That’s right. I’ve never had any kids biologically. We’ve adopted twice and are in the middle of that long and crazy process once again. Now, let’s talk about some things that I suggest not be said. After all, no one likes an awkward conversation, so here are some tips to help avoid that embarrassing situation. Consider this a public service announcement and don’t mention it, you’re welcome.
1. Don’t ask about our fertility, in any way whatsoever
Yes, this actually happened. Isn’t humanity wonderful? Fortunately for me, but not so much for my husband, this impertinent topic of conversation was broached by a co-worker. Now, allow me to address the many problems with this incident. First, if we were going to discuss such a sensitive topic as this, it would not be with a casual co-worker. Sorry, but that kind of topic is reserved for close family and friends. Second, that topic is probably one of the most personal and hard things to talk about with anyone, and it should not be brought up so flippantly and casually. Please people, think before words come out of your mouth. Lastly, and for me personally this is the most important, that question assumes that we adopted only because we may have been dealing with fertility issues. It assumes that our kids, and any adopted kids for that matter, are the used car option of the child world. We really wanted and preferred option A but couldn’t have that, so we begrudgingly settled for option B. No, that’s not even a little bit true. There are so many good reasons to consider adopting and none of them have to do with settling because you can’t give birth to children. Please, give our kids and us more dignity than that.
2. Don’t question our choice of adoption methods
Now, I have no problem with someone asking us why we picked one route over another, as a matter of genuine interest or from a desire to learn about or compare the adoption process. My family and I are always thankful for thoughtful and considerate questions. In fact, I wrote an article on my blog, fully detailing why our family chose to adopt internationally instead of domestically. So I obviously have no problem explaining our reasons. However, what I do have an issue with is when someone asks us why we did this instead of that, with a clear or implicit indication that we should have picked a different choice. When someone makes this comparison, they are essentially elevating one group of kids over another, based only on their geographical location. They are saying that kids in a certain place are more deserving of a loving, permanent family than others. If you really are that concerned about the many children in the foster system (as you should be), then why don’t you consider doing something about it yourself and begin the adoption process, instead of criticizing our choice?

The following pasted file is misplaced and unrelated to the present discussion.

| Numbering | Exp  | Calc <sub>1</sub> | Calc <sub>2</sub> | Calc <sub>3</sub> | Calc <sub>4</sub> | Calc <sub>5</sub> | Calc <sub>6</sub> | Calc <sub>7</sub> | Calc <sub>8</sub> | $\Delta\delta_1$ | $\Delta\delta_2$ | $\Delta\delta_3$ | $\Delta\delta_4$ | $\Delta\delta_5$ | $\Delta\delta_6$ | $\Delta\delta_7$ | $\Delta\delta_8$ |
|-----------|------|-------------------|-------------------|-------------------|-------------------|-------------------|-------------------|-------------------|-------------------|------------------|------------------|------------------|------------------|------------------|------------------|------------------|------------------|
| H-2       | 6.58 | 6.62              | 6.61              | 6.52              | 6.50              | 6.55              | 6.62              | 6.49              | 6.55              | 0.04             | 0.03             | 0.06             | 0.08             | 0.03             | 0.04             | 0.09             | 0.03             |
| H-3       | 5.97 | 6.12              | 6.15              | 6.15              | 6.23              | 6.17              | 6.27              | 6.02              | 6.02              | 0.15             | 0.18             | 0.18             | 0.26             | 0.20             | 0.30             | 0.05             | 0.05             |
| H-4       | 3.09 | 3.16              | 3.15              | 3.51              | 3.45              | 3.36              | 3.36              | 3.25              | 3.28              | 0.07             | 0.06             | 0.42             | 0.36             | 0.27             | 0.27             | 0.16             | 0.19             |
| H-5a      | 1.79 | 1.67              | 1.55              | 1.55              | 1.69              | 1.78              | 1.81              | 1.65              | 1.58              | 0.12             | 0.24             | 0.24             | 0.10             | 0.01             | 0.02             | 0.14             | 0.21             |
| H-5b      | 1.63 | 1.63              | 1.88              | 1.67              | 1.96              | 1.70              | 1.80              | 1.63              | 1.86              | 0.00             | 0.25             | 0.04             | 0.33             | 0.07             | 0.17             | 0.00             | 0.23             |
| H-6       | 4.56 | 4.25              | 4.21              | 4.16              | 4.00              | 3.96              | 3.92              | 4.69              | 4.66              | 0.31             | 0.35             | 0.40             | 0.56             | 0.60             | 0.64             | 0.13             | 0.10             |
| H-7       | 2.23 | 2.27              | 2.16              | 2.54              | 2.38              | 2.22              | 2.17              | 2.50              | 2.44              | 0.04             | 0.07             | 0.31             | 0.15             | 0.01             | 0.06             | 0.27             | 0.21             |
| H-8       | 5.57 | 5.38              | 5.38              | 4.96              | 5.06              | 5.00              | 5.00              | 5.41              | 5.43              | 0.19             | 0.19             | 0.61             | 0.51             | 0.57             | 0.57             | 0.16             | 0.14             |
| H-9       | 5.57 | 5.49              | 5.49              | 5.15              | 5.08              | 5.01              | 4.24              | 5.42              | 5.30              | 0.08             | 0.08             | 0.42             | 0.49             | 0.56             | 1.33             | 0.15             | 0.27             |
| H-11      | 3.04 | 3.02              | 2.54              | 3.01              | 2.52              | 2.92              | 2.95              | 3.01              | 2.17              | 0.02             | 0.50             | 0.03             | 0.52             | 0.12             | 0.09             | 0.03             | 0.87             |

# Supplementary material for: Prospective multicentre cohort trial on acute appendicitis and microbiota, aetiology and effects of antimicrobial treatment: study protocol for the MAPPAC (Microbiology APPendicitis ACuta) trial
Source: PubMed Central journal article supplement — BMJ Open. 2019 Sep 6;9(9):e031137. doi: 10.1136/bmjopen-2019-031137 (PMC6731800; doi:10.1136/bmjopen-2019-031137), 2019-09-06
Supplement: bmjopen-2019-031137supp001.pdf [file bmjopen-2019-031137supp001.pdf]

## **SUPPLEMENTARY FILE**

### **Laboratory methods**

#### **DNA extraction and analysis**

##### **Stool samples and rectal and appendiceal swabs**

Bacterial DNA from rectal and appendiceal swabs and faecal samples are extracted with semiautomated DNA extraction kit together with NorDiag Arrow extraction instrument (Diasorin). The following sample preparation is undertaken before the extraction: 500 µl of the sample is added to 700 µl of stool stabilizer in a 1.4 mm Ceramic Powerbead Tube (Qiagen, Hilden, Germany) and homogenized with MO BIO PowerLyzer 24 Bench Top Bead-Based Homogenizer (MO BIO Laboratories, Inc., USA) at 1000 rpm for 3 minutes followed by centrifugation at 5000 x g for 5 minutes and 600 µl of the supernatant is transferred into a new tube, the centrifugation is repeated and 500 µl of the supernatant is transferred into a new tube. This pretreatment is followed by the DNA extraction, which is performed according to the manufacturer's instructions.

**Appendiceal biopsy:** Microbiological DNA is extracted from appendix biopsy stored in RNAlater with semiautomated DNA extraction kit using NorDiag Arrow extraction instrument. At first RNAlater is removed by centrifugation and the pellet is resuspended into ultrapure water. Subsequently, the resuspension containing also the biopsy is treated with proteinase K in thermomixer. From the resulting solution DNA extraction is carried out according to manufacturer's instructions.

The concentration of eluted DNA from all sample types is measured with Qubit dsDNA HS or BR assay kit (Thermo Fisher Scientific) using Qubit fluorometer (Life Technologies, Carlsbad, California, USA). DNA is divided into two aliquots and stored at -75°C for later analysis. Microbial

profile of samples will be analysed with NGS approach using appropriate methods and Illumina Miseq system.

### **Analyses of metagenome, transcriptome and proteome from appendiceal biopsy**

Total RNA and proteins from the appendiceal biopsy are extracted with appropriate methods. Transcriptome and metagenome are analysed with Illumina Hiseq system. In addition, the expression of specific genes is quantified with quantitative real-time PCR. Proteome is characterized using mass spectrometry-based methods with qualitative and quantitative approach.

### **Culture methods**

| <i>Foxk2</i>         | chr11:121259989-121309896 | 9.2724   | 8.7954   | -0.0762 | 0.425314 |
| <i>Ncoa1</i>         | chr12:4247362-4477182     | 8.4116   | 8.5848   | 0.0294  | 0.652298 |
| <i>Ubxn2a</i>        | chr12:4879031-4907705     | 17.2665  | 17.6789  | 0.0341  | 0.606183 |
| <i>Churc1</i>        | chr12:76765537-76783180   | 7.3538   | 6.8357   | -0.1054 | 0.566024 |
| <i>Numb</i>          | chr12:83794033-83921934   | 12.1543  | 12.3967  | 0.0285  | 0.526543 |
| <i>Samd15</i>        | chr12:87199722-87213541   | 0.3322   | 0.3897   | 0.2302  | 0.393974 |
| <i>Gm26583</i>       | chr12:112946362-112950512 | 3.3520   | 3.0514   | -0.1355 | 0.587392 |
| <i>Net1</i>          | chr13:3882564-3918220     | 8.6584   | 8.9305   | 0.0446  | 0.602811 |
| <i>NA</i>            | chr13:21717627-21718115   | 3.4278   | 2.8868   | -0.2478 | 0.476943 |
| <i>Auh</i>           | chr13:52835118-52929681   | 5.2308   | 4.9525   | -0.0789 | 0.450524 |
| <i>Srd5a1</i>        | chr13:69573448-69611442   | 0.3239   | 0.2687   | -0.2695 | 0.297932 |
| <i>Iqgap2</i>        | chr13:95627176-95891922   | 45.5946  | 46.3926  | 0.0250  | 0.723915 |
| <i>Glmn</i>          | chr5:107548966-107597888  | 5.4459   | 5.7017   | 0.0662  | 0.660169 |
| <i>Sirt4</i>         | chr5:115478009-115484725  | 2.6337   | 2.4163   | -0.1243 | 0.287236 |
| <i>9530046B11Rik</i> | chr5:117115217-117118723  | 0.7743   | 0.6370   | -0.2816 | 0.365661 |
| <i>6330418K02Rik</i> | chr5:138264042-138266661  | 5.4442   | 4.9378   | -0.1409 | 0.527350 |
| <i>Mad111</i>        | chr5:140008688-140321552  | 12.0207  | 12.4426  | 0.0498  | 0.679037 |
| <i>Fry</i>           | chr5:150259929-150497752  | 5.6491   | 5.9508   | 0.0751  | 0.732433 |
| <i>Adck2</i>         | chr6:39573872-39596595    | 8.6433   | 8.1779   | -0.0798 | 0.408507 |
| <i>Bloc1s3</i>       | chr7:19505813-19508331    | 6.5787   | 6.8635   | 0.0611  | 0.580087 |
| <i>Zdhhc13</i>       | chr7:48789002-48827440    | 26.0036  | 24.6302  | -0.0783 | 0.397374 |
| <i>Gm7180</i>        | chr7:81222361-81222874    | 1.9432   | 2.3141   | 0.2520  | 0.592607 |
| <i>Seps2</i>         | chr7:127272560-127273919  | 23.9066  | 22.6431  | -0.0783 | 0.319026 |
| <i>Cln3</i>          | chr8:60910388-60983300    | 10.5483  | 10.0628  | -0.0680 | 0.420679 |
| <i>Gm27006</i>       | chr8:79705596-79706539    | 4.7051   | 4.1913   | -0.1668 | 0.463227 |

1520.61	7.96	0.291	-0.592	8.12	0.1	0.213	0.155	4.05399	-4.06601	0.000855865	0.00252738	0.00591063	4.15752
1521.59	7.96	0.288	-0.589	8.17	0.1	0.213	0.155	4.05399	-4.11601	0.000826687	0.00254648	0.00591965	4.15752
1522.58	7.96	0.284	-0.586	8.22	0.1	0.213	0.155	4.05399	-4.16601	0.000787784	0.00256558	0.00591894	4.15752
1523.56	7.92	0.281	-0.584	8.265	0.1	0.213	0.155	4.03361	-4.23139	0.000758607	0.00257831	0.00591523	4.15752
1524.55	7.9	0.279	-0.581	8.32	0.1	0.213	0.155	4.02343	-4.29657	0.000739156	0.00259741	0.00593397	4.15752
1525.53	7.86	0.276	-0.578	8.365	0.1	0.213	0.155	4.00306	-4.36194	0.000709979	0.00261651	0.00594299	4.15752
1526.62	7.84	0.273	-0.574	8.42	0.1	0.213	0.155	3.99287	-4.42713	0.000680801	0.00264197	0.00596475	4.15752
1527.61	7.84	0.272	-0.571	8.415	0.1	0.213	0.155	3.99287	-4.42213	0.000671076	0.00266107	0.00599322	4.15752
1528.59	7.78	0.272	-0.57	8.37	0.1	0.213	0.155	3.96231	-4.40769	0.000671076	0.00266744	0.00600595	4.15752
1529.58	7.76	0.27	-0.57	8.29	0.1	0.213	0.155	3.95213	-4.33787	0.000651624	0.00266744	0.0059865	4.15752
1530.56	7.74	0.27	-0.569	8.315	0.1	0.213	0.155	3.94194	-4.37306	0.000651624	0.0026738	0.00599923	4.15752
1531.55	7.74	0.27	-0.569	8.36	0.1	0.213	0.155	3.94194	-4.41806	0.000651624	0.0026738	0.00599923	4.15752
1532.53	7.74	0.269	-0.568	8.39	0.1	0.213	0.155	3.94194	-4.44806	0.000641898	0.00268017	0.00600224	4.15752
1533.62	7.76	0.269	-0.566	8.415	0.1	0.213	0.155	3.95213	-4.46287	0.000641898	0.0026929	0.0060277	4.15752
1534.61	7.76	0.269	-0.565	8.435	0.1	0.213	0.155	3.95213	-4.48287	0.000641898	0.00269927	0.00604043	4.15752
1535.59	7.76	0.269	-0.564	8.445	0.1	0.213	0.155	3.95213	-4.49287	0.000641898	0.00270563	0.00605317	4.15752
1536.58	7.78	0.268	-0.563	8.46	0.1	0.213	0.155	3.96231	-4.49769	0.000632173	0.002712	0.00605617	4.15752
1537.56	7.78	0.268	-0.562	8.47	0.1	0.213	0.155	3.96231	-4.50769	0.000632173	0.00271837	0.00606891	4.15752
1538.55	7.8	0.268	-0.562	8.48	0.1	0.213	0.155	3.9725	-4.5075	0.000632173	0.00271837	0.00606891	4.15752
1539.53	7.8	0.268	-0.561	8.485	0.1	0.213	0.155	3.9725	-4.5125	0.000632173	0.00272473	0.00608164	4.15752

3. Don’t use the phrase “your own” and absolutely not in earshot of my kids
Allow me to explain, I am referring to those wonderfully respectful and thought through remarks like “when are you going to have one of your own” or “I thought she was your own, she looks so much like you.” This latter rendition was said in the hearing of my daughter, no less. Oh, how I wish I was making that up. Now, I know what is meant by those words, mainly that I had not birthed the child under discussion. But that fact in no conceivable way makes them less my own! It does not make them only partially or temporarily mine, like getting a book on loan from a library or borrowing something from a friend. Do you think I’m going to return them at some point? Now, I understand, slips of the tongue happen, I get that, believe me. But at the very least, be aware of who is around you. If the kid(s) in question are nearby, don’t say things that might be overheard by them. I mean, this really should be obvious. Thankfully, in this case, my daughter was happily engaged in the play area of the restaurant and was not paying attention. This isn’t the case anymore. She is older now and is always listening to everything and will bring up what she heard at the most annoying times. So, let’s all try to think about what we’re saying and who we’re saying it to, can we all agree on that?
Well, hopefully, these tips on topics to avoid have been helpful. Now, just to be fair, our family has had many more thoughtful and considerate questions put to us than terrible ones. We are very appreciative of that, but let’s face it, writing about those would not have been as much fun for me or educational for you.
Ashley is a wife, mother and writer who also happens to be totally blind. She and her sighted husband are raising two blind children and are in the process of their third international adoption. Ashley has had articles published on Scary Mommy and The Mighty. Ashley writes about adoption and blindness issues on her blog and she can also be found on Facebook.